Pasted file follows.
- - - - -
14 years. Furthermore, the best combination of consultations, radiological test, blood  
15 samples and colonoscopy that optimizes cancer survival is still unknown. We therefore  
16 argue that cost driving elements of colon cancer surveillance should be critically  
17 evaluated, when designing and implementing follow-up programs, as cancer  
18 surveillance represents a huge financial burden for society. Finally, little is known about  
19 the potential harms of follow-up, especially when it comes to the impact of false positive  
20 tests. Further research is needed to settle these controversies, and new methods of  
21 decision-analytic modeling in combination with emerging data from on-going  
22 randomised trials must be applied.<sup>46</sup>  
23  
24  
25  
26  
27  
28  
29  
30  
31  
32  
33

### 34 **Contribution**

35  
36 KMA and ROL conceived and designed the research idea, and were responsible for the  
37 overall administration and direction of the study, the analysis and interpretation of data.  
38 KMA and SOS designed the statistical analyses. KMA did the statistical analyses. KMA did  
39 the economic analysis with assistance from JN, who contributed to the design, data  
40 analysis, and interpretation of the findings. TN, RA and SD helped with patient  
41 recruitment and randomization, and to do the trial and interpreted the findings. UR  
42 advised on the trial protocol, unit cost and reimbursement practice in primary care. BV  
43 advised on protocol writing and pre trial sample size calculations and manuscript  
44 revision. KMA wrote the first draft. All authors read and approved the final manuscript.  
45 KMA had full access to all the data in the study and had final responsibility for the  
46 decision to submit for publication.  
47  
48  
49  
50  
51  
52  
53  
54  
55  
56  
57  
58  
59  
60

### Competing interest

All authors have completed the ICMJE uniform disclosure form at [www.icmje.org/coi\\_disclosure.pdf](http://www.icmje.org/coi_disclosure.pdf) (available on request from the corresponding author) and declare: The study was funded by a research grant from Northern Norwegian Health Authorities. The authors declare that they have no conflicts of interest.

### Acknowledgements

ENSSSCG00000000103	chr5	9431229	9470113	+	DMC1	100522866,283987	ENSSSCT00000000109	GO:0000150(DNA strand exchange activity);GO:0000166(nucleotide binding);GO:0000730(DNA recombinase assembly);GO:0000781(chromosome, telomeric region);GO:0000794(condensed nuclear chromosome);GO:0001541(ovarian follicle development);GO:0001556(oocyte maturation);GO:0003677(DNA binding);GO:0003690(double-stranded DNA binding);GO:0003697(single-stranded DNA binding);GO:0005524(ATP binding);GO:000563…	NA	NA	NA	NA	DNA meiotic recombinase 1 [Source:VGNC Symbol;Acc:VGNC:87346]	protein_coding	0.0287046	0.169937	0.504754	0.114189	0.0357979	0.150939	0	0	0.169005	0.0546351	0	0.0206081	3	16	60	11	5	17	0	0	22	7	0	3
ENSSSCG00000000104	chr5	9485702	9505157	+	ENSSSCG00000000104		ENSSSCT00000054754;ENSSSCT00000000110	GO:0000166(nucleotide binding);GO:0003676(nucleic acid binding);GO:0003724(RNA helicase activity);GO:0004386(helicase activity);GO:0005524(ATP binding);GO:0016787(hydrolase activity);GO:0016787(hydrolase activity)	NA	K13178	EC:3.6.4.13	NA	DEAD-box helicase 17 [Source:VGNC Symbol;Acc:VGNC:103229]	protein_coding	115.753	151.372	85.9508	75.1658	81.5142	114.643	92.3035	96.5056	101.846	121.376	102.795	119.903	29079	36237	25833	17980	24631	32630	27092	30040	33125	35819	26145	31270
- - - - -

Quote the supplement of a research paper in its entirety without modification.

14 years. Furthermore, the best combination of consultations, radiological test, blood  
15 samples and colonoscopy that optimizes cancer survival is still unknown. We therefore  
16 argue that cost driving elements of colon cancer surveillance should be critically  
17 evaluated, when designing and implementing follow-up programs, as cancer  
18 surveillance represents a huge financial burden for society. Finally, little is known about  
19 the potential harms of follow-up, especially when it comes to the impact of false positive  
20 tests. Further research is needed to settle these controversies, and new methods of  
21 decision-analytic modeling in combination with emerging data from on-going  
22 randomised trials must be applied.<sup>46</sup>  
23  
24  
25  
26  
27  
28  
29  
30  
31  
32  
33

### 34 **Contribution**

35  
36 KMA and ROL conceived and designed the research idea, and were responsible for the  
37 overall administration and direction of the study, the analysis and interpretation of data.  
38 KMA and SOS designed the statistical analyses. KMA did the statistical analyses. KMA did  
39 the economic analysis with assistance from JN, who contributed to the design, data  
40 analysis, and interpretation of the findings. TN, RA and SD helped with patient  
41 recruitment and randomization, and to do the trial and interpreted the findings. UR  
42 advised on the trial protocol, unit cost and reimbursement practice in primary care. BV  
43 advised on protocol writing and pre trial sample size calculations and manuscript  
44 revision. KMA wrote the first draft. All authors read and approved the final manuscript.  
45 KMA had full access to all the data in the study and had final responsibility for the  
46 decision to submit for publication.  
47  
48  
49  
50  
51  
52  
53  
54  
55  
56  
57  
58  
59  
60

### Competing interest

All authors have completed the ICMJE uniform disclosure form at [www.icmje.org/coi\\_disclosure.pdf](http://www.icmje.org/coi_disclosure.pdf) (available on request from the corresponding author) and declare: The study was funded by a research grant from Northern Norwegian Health Authorities. The authors declare that they have no conflicts of interest.

### Acknowledgements

ENSSSCG00000000103	chr5	9431229	9470113	+	DMC1	100522866,283987	ENSSSCT00000000109	GO:0000150(DNA strand exchange activity);GO:0000166(nucleotide binding);GO:0000730(DNA recombinase assembly);GO:0000781(chromosome, telomeric region);GO:0000794(condensed nuclear chromosome);GO:0001541(ovarian follicle development);GO:0001556(oocyte maturation);GO:0003677(DNA binding);GO:0003690(double-stranded DNA binding);GO:0003697(single-stranded DNA binding);GO:0005524(ATP binding);GO:000563…	NA	NA	NA	NA	DNA meiotic recombinase 1 [Source:VGNC Symbol;Acc:VGNC:87346]	protein_coding	0.0287046	0.169937	0.504754	0.114189	0.0357979	0.150939	0	0	0.169005	0.0546351	0	0.0206081	3	16	60	11	5	17	0	0	22	7	0	3
ENSSSCG00000000104	chr5	9485702	9505157	+	ENSSSCG00000000104		ENSSSCT00000054754;ENSSSCT00000000110	GO:0000166(nucleotide binding);GO:0003676(nucleic acid binding);GO:0003724(RNA helicase activity);GO:0004386(helicase activity);GO:0005524(ATP binding);GO:0016787(hydrolase activity);GO:0016787(hydrolase activity)	NA	K13178	EC:3.6.4.13	NA	DEAD-box helicase 17 [Source:VGNC Symbol;Acc:VGNC:103229]	protein_coding	115.753	151.372	85.9508	75.1658	81.5142	114.643	92.3035	96.5056	101.846	121.376	102.795	119.903	29079	36237	25833	17980	24631	32630	27092	30040	33125	35819	26145	31270